Middle Eastern bread recipes have long since been an interest of mine and living in Nashville made it easy to learn about them.  Our former home was located within the largest Kurdish community in the US and I had an opportunity to visit a small local bakery and watch as the women prepared fresh naan and then baked it in a tandoori oven.  It was unsettling to watch as they threw the bread against the sides of the oven using bare hands knowing full well that the temperature was about 700 degrees.  The bread cooked so quickly in the high heat that as fast as one loaf was thrown in, it was taken out in what seemed to be less than a minute and it probably was.  Slightly spongy and chewy, fresh-baked naan quickly became a favorite of ours and we frequently returned to the shop to buy more.  The most amazing thing about that bread was the cost.  While you might expect to pay several dollars a piece for the 14″ rounds of bread, you would be shocked to learn that a bag of 3-4 rounds cost less than $3.  Sadly, we left Nashville for Williamsburg and our love of fresh-baked naan has become a memory.

IMG_3244Every now and then, I pull my copy of Flatbreads and Flavors by Jeffrey Alford and Naomi Duguid off the shelf and make a batch of Middle Eastern flat bread in the hope of experiencing the same texture as the naan that we miss.  So far, it has been hit or miss, mostly miss but I do not think it is the book’s fault.  My kitchen does not have the types of ovens called for in the traditional baking methods and I am usually attempting to utilize various kitchen implements to do the job.  While the authors give great suggestions on how to get the described results, I have not had the time to make multiple batches in an effort to find my groove…


This week, the Tuesdays with Dorie group chose to make the Moroccan Pebble Bread from Baking with Julia and it just so happens to have been contributed to the book by the authors of Flatbreads and Flavors.  Feeling as though I had a little experience with this sort of bread and a familiarity with their recipes, I went ahead and mixed up half a batch-more than enough for the two of us.

You are instructed to use a blend of barley and bread flours and I was surprised to find Bob’s Big Red Mill barley flour in my local grocery store; they sold it with the natural foods.  With that first hurdle cleared, I went about figuring out how I would bake the loaves.  Our gas range is still in storage awaiting the installation of gas service from the street out front to the house and I have had to learn to cook on a glass-topped electric range.  While they may be easy to clean, the glass is easy to scratch and even break so you must know how cautious I was with my cast iron skillet on the stove top.  The directions call for an oven safe skillet that you will be moving from the stove top to the broiler for each loaf and I was worried that moving a cast iron skillet around on the stove was a recipe for disaster-pun intended.  To preserve my sanity, as well as the glass cooktop, I parked the skillet on the burner and set my baking stone about 7″ below the broiler and gave it a solid preheating.  Rather than move the skillet, I moved the loaves from the stove top to the stone using a pair of tongs.  It seemed to work fairly well and if I were to make this bread again, I would use this method.  The only other note I will make, my dough needed a lot less bread flour than the recipe suggested.  Since I was making half a batch, it called for 2 cups of bread flour but my ball of dough used about 1 1/4 cups and since it was so stiff and hard to roll out, I would suggest using a little less next time.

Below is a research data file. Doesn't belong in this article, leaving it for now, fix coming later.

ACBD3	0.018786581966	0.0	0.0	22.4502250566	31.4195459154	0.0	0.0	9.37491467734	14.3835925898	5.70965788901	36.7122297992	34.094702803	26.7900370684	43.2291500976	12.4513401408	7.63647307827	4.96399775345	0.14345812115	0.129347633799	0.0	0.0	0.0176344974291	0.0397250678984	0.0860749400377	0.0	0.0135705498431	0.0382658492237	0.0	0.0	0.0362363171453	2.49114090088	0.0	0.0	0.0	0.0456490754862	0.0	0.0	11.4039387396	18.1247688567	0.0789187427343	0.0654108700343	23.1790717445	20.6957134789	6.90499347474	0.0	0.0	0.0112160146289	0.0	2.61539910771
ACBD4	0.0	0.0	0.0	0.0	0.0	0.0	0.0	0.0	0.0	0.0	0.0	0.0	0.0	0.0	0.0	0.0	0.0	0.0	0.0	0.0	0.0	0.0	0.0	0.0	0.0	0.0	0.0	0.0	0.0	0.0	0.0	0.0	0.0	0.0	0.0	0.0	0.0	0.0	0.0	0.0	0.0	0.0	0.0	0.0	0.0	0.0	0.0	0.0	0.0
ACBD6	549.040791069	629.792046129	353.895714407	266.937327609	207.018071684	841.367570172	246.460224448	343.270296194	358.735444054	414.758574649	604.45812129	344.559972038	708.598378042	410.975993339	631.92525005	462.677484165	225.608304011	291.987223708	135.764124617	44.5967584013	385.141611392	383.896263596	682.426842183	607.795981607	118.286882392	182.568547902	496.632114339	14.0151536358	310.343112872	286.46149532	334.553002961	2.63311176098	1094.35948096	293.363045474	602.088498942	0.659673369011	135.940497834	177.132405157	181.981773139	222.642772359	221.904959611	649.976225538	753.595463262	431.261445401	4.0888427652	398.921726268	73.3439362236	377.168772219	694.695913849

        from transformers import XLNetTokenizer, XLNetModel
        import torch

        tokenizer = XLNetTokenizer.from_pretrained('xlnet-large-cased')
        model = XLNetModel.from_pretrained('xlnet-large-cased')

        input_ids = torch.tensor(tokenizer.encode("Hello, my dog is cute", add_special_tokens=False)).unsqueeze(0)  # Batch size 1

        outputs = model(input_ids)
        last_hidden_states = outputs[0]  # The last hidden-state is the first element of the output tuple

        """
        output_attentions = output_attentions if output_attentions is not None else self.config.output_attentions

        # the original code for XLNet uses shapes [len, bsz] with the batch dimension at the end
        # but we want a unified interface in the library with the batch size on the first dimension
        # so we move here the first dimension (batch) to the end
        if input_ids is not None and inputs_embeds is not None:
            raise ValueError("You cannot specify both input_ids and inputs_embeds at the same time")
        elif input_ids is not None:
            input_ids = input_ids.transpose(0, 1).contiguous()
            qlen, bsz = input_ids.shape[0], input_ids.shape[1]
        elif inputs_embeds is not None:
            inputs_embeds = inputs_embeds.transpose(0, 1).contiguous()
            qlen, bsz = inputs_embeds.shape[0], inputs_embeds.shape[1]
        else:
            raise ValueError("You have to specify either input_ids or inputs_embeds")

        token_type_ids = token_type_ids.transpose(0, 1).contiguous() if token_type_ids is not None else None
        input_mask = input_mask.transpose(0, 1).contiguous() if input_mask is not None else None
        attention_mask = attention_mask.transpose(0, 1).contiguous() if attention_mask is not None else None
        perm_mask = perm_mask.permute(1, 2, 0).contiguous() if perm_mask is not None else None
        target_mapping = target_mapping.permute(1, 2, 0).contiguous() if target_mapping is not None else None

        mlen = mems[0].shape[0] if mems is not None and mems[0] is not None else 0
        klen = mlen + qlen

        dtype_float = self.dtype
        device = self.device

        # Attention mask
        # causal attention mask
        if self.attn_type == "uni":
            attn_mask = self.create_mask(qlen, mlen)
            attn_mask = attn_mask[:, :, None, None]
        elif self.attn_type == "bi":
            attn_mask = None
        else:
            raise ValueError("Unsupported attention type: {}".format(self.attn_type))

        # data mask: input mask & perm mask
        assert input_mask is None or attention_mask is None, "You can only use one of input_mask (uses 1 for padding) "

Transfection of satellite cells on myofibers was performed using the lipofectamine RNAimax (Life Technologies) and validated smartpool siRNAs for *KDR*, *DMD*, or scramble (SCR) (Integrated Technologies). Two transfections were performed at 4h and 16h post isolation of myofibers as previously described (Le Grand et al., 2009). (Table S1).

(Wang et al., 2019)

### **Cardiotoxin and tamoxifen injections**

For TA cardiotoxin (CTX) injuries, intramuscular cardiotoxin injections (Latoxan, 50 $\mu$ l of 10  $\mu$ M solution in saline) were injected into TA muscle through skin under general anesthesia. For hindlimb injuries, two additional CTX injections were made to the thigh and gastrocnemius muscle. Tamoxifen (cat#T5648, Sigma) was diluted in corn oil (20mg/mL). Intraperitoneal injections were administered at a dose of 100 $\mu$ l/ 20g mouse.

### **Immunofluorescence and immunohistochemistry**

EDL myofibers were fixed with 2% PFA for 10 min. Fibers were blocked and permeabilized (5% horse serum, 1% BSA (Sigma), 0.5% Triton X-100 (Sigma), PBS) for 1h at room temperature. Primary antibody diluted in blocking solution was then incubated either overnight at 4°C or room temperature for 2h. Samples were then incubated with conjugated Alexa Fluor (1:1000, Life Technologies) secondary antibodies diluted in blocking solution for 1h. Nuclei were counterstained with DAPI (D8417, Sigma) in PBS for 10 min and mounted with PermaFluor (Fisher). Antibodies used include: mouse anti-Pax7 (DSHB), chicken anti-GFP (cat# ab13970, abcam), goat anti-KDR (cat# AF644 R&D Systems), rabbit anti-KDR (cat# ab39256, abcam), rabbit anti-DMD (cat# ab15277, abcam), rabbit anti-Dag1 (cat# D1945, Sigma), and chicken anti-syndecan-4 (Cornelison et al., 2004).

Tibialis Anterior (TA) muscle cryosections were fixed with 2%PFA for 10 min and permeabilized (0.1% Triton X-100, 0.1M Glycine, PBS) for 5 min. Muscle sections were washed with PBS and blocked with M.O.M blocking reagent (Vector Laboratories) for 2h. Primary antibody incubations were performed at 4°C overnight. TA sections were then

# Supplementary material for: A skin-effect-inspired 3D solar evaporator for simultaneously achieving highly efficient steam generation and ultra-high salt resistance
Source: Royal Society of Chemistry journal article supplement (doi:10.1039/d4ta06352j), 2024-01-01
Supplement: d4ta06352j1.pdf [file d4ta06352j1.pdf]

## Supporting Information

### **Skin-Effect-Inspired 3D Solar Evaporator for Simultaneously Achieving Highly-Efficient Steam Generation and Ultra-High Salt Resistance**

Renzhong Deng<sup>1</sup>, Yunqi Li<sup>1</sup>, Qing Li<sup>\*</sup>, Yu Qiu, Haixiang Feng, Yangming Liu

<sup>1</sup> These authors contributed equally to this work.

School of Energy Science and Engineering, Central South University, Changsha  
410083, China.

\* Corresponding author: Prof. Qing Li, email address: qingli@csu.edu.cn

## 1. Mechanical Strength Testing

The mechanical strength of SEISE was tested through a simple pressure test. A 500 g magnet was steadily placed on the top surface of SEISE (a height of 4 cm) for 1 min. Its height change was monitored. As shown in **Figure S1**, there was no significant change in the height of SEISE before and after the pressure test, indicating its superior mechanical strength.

The only thing I did differently, and quite by accident I will add, was that I did not oil the skillet before adding the loaf and since my cast iron skillet is well seasoned, it did not make a difference.  As the bread sizzled and steam rose, the bottom cooked quickly and after pressing the surface to make more dimples, in a few minutes I was able to lift the loaf using my tongs and put it on the stone where the broiler could cook the top of the loaf.  It went quickly and for the most part, the loaves baked evenly although there were a few spots here and there that the bread was slightly underdone, something that rolling it out the dough thinner will eliminate.  Even so, this was the closest I have gotten to achieving a good loaf of Naan-like bread. The texture was slightly spongy and just a little chewy with the dark spots from the skillet and the broiler giving it a wonderful toasted flavor.  It won my husbands approval and honestly, mine too.

With summer approaching, I may have to try this one outside on the grill because there isn’t much better than a salad with fresh bread on a summer day!  To see what the other bakers came up with, be sure to visit the Tuesdays with Dorie website and look for the LYL page.